Where the complaint affirmatively alleges facts indicating coverage by the workers' compensation laws, if it fails to state additional facts negating application of the exclusive remedy provision, no civil action will lie and the complaint is subject to a general demurrer. (Doney v. Tambouratgis (1979) 23 Cal.3d 91, 97, 151 Cal.Rptr. 347, 587 P.2d 1160; Iverson v. Atlas Pacific Engineering, supra, 143 Cal.App.3d 219, 224, 191 Cal.Rptr. 696.) Plaintiff has failed to state facts negating application of the exclusive remedy provision of the workers' compensation laws in her first amended complaint.
Furthermore, leave to amend a complaint following sustaining of a demurrer “should be denied where the facts are not in dispute, and the nature of the plaintiff's claim is clear, but, under the substantive law, no liability exists” because no amendment would change the result. (3 Witkin, Cal.Procedure (2d ed. 1971) Pleading, § 847, p. 2451.)
In the gravamen of the complaint before us, no alchemy or incantation of law can precipitate the metamorphosis of negligence to a specific intent tort.
The order of dismissal is affirmed.
1. All statutory references are to the Labor Code, unless otherwise indicated.
2. We apply the statutes as they read on November 22, 1981, the date of defendant's alleged tortious conduct. Sections 3601 and 3602 were amended in 1982 to codify and restrict a number of the common law exceptions to the exclusive remedy provisions. The earlier statutes are more favorable to plaintiff. (Gallo Glass Co. v. Superior Court (1983) 148 Cal.App.3d 485, 490, fn. 3, 196 Cal.Rptr. 23; Franco v. United Wholesale Lumber Co. (1983) 148 Cal.App.3d 981, 984, fn. 1, 196 Cal.Rptr. 430.)
3. The court in Johns-Manville Products Corp. v. Superior Court, supra, 27 Cal.3d 465, 165 Cal.Rptr. 858, 612 P.2d 948, stated the rationale for this rule as follows:“The reason for the foregoing rule seems obvious. It is not uncommon for an employer to ‘put his mind’ to the existence of a danger to an employee and nevertheless fail to take corrective action. (See e.g., Rogers Materials Co. v. Ind. Acc. Com., supra, 63 Cal.2d 717, 723 [48 Cal.Rptr. 129, 408 P.2d 737].) In many of these cases, the employer does not warn the employee of the risk. Such conduct may be characterized as intentional or even deceitful. Yet if an action at law were allowed as a remedy, many cases cognizable under workers' compensation would also be prosecuted outside that system. The focus of the inquiry in a case involving work-related injury would often be not whether the injury arose out of and in the course of employment, but the state of knowledge of the employer and the employee regarding the dangerous condition which caused the injury. Such a result would undermine the underlying premise upon which the workers' compensation system is based. That system balances the advantage to the employer of immunity from liability at law against the detriment of relatively swift and certain compensation payments. Conversely, while the employee receives expeditious compensation, he surrenders his right to a potentially larger recovery in a common law action for the negligence or willful misconduct of his employer. This balance would be significantly disturbed if we were to hold, as plaintiff urges, that any misconduct of an employer which may be characterized as intentional warrants an action at law for damages. It seems clear that section 4553 is the sole remedy for additional compensation against an employer whose employee is injured in the first instance as the result of a deliberate failure to assure that the physical environment of the work place is safe.” (At p. 474, 165 Cal.Rptr. 858, 612 P.2d 948.)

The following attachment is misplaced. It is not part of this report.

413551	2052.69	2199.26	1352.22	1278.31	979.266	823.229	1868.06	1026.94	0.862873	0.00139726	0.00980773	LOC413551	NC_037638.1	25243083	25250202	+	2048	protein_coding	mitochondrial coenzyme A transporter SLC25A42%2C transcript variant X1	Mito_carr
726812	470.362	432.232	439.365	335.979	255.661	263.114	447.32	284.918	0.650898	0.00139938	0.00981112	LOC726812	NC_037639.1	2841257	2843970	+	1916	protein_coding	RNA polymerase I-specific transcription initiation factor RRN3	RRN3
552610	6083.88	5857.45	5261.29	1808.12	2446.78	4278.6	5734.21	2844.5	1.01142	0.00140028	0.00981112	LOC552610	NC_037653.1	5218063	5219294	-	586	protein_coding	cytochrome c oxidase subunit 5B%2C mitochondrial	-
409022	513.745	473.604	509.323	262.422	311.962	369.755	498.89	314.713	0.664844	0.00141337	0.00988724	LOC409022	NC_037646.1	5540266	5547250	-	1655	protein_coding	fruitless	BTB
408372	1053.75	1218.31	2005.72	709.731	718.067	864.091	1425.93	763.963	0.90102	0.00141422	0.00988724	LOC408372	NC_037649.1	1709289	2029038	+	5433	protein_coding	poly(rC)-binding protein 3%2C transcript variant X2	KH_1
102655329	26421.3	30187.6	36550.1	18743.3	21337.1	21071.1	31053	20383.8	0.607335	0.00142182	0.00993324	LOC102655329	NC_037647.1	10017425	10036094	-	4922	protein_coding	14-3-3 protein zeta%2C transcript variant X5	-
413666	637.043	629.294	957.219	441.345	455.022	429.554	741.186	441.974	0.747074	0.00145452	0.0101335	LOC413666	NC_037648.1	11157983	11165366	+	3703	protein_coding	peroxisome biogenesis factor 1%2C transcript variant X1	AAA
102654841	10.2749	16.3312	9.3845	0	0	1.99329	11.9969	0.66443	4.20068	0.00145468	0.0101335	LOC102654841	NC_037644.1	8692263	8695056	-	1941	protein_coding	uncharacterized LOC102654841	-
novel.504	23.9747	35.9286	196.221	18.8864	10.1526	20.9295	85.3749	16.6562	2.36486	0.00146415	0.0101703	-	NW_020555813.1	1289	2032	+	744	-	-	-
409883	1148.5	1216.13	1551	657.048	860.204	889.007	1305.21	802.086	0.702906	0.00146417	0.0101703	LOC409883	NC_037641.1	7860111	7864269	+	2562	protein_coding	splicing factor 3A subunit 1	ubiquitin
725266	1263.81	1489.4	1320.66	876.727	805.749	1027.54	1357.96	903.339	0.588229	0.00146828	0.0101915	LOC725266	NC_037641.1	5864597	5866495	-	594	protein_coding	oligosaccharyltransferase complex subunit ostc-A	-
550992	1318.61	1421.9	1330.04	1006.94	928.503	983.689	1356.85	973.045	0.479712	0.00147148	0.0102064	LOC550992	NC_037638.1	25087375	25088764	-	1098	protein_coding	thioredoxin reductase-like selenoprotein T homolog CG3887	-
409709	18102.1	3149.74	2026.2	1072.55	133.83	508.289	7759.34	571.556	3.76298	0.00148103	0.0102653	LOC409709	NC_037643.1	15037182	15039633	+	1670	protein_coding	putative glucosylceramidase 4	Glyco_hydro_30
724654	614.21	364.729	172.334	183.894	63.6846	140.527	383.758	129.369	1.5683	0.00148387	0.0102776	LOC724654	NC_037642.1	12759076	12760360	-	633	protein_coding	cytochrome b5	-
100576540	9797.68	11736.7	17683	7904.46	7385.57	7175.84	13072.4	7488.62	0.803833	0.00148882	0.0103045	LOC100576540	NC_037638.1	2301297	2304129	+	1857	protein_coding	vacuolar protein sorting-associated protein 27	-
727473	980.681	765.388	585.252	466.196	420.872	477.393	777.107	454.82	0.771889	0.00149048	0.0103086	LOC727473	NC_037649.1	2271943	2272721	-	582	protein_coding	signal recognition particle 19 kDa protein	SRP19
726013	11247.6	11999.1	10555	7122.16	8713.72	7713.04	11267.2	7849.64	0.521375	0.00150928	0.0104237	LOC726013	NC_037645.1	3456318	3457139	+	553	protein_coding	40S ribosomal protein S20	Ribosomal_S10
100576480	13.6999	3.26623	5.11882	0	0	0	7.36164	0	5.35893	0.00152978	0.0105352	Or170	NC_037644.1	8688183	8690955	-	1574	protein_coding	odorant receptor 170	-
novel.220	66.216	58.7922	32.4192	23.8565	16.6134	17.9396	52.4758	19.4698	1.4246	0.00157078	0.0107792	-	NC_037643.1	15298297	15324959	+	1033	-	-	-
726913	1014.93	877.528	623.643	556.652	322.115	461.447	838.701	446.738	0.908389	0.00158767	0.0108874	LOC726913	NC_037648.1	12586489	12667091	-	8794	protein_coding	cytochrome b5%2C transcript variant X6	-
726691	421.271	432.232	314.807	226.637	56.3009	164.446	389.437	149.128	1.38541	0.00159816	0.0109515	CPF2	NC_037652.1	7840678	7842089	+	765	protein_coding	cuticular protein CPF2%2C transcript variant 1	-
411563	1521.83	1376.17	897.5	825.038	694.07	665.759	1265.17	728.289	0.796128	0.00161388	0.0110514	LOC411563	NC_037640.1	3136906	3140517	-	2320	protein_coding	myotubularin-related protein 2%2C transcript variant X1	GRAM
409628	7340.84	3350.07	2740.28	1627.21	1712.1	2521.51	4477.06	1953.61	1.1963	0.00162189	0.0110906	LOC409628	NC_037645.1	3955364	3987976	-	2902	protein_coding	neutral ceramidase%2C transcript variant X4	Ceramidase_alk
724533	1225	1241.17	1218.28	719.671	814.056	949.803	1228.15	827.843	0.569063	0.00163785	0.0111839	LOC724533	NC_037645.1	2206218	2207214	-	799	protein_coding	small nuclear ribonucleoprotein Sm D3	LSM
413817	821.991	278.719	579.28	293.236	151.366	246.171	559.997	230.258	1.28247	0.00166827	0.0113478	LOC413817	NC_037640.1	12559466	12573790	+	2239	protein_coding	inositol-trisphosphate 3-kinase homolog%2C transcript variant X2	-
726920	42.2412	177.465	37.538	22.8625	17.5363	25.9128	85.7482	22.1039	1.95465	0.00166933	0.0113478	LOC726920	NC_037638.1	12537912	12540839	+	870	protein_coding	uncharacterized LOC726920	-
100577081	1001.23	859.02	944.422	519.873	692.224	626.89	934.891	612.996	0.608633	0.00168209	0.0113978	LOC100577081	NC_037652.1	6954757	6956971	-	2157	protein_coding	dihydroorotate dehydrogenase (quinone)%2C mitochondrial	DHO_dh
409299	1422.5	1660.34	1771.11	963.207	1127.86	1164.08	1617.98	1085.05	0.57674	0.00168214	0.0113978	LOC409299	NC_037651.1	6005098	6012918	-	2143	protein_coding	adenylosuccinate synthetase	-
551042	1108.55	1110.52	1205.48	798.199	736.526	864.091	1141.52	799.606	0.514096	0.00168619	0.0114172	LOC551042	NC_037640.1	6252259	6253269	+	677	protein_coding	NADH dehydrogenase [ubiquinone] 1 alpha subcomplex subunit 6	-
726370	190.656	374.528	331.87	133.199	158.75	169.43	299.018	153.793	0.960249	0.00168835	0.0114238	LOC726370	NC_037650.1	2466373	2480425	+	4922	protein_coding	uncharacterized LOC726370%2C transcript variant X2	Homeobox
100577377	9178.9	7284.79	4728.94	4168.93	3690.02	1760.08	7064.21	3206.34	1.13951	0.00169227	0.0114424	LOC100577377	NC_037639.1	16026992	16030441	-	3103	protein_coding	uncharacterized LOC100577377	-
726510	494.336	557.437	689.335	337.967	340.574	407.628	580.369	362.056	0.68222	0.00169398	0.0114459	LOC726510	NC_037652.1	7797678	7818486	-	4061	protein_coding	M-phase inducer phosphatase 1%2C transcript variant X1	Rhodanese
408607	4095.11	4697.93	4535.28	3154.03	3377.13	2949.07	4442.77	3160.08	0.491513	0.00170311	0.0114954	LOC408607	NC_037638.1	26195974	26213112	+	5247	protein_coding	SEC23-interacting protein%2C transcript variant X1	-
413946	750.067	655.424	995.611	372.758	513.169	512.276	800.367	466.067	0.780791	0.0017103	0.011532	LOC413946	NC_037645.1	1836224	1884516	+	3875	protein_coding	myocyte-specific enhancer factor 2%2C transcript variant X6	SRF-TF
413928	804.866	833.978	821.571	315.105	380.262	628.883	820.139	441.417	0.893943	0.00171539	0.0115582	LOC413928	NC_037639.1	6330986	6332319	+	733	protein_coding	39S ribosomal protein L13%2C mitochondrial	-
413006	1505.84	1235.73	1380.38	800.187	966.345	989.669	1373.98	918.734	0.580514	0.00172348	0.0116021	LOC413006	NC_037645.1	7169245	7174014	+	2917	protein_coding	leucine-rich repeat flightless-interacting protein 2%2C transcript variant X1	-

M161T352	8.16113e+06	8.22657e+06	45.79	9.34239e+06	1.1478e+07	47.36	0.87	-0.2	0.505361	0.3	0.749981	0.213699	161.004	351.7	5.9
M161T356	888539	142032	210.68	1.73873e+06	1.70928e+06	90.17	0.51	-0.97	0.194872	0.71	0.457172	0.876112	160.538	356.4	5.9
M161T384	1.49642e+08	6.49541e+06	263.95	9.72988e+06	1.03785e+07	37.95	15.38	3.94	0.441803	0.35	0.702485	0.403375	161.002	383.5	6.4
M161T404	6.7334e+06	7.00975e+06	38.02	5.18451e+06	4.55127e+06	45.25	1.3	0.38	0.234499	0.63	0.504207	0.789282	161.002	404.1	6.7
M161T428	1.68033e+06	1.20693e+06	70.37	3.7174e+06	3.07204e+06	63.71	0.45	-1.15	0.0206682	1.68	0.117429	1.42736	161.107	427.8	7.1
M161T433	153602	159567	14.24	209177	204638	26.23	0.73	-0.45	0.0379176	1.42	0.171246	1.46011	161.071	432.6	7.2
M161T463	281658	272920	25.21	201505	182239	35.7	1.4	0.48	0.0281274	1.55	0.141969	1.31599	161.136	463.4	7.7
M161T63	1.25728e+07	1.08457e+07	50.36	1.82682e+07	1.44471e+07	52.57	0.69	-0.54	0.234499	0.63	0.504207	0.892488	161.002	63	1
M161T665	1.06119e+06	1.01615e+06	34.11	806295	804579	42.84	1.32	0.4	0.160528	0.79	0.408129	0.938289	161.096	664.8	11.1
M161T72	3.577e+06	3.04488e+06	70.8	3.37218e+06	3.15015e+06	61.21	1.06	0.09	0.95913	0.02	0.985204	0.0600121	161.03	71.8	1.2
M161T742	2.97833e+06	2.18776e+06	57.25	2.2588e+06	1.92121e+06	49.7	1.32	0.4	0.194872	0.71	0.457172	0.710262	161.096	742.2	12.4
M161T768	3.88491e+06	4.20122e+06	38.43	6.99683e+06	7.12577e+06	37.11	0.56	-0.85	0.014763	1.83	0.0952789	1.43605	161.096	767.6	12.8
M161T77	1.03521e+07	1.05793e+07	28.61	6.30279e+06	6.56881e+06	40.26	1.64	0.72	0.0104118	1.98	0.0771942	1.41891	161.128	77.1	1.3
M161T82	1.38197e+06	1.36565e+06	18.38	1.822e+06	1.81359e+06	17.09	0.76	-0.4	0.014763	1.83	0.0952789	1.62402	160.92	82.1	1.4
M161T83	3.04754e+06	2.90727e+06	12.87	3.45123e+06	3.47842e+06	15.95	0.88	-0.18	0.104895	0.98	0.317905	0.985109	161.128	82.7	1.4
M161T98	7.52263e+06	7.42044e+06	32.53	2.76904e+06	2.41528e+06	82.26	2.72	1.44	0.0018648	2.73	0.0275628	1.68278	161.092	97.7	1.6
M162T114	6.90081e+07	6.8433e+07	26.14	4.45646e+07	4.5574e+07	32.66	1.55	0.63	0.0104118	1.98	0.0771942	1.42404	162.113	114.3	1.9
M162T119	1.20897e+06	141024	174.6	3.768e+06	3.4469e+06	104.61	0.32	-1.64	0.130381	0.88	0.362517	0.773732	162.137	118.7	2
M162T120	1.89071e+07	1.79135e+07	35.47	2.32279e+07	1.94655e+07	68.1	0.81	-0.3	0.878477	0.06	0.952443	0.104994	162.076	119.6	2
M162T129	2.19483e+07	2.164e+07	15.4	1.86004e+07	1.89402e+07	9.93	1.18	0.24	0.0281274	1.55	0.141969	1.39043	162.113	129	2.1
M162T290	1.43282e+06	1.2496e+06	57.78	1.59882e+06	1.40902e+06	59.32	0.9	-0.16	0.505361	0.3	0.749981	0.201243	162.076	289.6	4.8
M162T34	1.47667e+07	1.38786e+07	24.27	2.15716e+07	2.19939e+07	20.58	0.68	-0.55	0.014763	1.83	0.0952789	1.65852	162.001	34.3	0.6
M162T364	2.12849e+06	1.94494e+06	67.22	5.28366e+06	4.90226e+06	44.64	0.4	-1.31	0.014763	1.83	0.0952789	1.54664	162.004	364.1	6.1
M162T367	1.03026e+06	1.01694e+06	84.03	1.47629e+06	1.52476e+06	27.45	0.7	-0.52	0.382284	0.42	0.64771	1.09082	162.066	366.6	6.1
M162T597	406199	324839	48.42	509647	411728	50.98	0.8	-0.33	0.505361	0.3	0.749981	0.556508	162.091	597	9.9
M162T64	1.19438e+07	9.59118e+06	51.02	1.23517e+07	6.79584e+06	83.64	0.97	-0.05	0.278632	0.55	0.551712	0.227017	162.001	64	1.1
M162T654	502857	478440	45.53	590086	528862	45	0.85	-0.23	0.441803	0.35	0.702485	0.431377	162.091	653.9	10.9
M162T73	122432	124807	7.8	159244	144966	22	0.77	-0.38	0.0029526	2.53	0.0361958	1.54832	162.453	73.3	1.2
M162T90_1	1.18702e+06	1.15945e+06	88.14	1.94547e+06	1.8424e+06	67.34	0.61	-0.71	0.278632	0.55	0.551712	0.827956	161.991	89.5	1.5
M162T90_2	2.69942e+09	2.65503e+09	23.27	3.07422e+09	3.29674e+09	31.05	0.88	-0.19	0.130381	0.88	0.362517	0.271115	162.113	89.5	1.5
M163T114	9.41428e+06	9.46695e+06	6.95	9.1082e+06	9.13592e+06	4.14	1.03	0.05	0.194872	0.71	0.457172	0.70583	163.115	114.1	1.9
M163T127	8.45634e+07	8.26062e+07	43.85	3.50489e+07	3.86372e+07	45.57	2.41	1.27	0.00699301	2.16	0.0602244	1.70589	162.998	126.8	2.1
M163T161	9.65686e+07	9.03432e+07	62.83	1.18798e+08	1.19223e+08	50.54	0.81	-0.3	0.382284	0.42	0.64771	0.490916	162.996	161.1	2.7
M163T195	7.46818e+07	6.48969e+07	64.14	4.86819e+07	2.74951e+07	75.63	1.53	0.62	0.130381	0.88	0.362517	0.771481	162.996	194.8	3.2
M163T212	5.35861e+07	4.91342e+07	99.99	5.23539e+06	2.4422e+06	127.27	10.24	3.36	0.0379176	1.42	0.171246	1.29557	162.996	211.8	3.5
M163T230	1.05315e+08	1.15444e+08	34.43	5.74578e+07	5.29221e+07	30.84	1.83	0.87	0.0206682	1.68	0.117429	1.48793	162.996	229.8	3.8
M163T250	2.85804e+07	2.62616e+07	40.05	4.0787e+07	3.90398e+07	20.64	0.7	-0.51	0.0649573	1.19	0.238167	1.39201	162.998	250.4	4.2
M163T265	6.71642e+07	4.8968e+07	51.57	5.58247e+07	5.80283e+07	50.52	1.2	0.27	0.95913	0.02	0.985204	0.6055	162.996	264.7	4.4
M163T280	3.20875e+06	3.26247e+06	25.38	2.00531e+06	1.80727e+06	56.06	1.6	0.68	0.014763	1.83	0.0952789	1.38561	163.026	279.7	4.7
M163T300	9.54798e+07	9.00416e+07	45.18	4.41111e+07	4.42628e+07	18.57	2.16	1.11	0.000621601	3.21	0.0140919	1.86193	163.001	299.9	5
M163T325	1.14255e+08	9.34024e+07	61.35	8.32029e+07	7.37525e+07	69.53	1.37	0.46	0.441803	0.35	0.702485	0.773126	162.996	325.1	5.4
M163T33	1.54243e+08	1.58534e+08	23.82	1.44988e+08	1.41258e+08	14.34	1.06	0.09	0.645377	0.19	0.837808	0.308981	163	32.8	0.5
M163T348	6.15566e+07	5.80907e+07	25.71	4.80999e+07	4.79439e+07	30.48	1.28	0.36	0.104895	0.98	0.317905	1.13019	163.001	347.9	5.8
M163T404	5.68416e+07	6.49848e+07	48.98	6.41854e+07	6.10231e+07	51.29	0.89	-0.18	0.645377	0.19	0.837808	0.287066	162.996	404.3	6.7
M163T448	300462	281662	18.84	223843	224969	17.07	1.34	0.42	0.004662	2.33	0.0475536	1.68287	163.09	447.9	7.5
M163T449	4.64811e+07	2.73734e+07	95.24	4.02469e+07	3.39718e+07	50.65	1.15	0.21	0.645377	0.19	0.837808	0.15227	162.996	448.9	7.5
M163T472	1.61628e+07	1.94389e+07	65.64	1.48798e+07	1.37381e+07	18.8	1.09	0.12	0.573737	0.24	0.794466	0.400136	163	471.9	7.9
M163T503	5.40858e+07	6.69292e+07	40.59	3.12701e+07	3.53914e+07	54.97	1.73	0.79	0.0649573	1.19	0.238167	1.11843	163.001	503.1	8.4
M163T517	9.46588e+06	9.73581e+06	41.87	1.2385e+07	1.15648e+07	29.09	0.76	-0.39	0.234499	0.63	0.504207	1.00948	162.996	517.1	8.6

ARGUELLES, Associate Justice.
WOODS, P.J., and McCLOSKY, J., concur.